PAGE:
Halton_police_shoulder_flash___ContentHalton’s crime rate is the lowest it has been since the advent of regionalization.

Halton Regional Police is reporting the lowest crime rate since the region was formed in 1974, part of a steady decline in criminal activity over the past several years.

According the department’s recently released 2015 annual report, total reported crime decreased by 2.8 per cent to 9,954 incidents in 2015 from 10,241 the year before.

Once population growth is factored in — Halton’s population increased to 543,577 people last year compared to 530,944 in 2014 — the total crime rate decreased to 5.1 per cent. That’s a rate of 1,831 crimes per 100,000 population in 2015 compared to 1,929 per 100,000 the year before.

Those rates compare to a high point of nearly 8,500 per 100,000 population — nearly fives times the current rate — that was experienced in Halton during the 1980s.

The overall crime rate in Burlington, with population increases considered, dropped 10.8 per cent (3,332 incidents); the Oakville crime rate dropped 2.6 per cent (3,542); and the Halton Hills/Milton crime rate decreased 7.6 per cent (3,041).

Violent crime in Halton increased 4.1 per cent to 1,973 incidents in 2015, an adjusted increase of just 1.6 per cent when the population increase is factored in.

The 2015 decline — using figures that reflect population growth — was greatest with property crimes, which saw a drop of 8.6 per cent to 6,787 reported incidents.

The fall in property crimes is consistent with what other police departments are finding, said Keith Moore of the Halton police department’s planning and research section.

“Property crimes have been going down for many years back to the 1990s, not just in Halton but basically across the Western world,” Moore said.

The major factor is demographic change. There are fewer young people now than when Baby Boomers were young, and “it’s younger age groups that are more prone to commit property crime.”

On the slight increase in violent crimes, Moore said it is not statistically significant because of the relatively low numbers of violent crimes in the region.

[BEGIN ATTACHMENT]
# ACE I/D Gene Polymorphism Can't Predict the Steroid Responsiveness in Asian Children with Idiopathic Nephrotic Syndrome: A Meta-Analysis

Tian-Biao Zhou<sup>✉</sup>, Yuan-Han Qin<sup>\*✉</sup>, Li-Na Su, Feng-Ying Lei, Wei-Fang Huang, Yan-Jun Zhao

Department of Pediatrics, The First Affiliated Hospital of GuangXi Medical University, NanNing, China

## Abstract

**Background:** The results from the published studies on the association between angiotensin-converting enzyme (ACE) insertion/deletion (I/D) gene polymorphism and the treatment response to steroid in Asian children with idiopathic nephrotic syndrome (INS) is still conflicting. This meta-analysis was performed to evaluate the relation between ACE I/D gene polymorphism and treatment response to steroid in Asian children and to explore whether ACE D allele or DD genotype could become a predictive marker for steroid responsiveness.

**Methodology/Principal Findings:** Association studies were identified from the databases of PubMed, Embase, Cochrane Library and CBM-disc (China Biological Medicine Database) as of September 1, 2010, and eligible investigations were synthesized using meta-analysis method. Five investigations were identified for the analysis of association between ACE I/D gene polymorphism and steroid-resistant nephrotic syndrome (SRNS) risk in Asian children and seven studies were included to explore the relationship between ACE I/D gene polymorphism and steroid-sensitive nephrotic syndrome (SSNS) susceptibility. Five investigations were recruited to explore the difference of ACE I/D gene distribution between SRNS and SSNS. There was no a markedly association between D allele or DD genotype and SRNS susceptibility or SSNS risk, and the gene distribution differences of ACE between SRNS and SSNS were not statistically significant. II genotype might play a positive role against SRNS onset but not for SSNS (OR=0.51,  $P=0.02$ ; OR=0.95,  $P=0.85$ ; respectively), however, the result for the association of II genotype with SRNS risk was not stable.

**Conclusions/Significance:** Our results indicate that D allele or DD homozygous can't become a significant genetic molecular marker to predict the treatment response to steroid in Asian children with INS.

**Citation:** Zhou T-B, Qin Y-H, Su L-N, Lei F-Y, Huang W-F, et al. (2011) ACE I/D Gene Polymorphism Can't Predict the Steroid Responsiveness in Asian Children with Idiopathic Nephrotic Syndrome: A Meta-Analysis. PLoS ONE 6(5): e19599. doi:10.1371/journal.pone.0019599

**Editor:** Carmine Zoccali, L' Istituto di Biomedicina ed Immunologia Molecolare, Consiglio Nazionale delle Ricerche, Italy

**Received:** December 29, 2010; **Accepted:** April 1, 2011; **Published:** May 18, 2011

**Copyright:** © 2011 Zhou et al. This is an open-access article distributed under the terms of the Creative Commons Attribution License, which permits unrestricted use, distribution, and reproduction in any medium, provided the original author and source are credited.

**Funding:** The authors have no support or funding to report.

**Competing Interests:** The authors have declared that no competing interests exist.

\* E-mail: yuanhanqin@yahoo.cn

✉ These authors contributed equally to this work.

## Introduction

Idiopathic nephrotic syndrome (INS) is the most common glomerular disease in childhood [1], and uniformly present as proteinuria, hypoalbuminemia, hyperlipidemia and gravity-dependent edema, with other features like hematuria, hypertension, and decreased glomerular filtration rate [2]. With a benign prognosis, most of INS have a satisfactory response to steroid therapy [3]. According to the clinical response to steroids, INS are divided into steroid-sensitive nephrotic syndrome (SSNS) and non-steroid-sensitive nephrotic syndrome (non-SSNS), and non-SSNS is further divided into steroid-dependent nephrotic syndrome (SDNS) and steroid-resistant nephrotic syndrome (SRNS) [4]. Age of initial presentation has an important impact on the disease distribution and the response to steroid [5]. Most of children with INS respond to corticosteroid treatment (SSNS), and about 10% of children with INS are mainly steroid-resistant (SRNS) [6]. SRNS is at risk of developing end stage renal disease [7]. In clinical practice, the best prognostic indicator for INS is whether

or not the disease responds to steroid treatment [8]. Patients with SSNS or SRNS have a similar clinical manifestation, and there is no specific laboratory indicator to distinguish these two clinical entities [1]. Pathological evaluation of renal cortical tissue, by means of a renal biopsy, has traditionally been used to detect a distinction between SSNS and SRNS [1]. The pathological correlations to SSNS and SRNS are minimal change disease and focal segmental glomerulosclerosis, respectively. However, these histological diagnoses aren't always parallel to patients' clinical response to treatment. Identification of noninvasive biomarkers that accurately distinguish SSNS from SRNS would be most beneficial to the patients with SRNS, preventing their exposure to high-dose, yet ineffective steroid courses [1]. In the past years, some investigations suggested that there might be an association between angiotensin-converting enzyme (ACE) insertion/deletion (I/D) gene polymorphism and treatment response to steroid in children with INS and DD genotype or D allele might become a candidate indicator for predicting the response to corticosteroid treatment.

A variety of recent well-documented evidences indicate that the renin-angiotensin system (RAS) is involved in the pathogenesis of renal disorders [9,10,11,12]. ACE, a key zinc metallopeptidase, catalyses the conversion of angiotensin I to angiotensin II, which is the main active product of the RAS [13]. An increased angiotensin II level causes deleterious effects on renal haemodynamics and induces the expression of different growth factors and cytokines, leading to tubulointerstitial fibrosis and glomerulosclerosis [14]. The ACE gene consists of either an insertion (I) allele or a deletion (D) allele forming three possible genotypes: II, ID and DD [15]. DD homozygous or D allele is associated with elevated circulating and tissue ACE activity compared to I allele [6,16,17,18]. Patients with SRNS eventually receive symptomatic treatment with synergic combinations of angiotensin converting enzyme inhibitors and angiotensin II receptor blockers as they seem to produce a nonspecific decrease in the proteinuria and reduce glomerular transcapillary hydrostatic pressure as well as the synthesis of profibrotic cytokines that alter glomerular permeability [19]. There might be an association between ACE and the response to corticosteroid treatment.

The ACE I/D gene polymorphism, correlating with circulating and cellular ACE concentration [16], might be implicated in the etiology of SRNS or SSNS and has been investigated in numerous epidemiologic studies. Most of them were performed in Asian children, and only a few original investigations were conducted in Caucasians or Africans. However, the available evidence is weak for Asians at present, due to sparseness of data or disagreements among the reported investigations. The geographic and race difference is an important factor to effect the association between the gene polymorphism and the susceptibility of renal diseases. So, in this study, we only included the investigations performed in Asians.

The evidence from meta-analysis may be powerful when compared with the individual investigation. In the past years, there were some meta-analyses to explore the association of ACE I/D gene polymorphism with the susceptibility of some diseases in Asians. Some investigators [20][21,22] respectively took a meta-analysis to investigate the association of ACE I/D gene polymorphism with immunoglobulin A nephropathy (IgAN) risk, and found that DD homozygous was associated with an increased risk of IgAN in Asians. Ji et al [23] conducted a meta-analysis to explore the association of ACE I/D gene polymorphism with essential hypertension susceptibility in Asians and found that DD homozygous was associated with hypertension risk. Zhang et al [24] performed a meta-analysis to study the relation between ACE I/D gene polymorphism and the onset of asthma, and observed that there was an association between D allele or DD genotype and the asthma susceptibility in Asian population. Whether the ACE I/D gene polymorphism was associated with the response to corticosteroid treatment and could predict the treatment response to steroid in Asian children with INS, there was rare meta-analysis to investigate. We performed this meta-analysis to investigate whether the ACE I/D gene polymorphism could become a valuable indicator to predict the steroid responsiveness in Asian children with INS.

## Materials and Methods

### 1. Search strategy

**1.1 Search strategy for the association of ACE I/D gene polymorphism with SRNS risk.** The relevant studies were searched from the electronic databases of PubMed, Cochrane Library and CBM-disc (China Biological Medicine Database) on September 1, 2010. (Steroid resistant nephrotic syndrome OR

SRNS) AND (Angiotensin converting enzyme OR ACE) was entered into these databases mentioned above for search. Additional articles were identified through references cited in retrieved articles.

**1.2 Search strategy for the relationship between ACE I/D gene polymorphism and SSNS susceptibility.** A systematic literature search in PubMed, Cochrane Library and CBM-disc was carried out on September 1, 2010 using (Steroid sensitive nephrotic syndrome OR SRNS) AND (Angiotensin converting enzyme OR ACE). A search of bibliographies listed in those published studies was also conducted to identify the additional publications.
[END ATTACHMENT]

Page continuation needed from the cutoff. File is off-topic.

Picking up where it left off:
For example, there were just two homicides in 2015, one more than in 2014.

Last year, Statistics Canada said Halton is the safest community in the country among those with populations of more than 100,000.

A selection of figures from the force’s 2015 annual report:

Total calls for service — 2015: 151,355; 2014: 152,915 (1 per cent decrease)

Clearance rate — 2015: 46.4 per cent; 2014: 46.6 per cent

Attempted murder — 2015: 3; 2014: 1

Sexual assault — 2015: 151; 2014: 143 (5.6 per cent increase)

Assault — 2015: 1,289; 2014: 1,262 (2.1 per cent increase)

Robbery — 2015: 62; 2014: 56 (10.1 per cent increase)

Break and enter — 2015: 897; 2014: 887 (1.1 per cent increase)

Auto theft — 2015: 370; 2014: 340 (8.8 per cent increase)

Theft over $5,000 — 2015: 96; 2014: 75 (28 per cent increase)

Theft under $5,000 — 2015: 3,347; 2014: 3,713 (9.9 per cent decrease)

Arson — 2015: 22; 2014: 17 (29 per cent increase)

Impaired driving — 2015: 457; 2014: 414 (10.4 per cent increase)

Fatal collisions — 2015: 6; 2014:12 (50 per cent decrease)

Property damage collisions — 2015: 7,723; 2014: 7,933 (2.6 per cent decrease)

Distracted driving, Highway Traffic Act — 2015: 4,170 charges

Halton police at a glance — Uniformed officers, 677; civilian employees, 292; annual budget, $134.8 million; cost of policing per capita, $248; Halton population, 543,577
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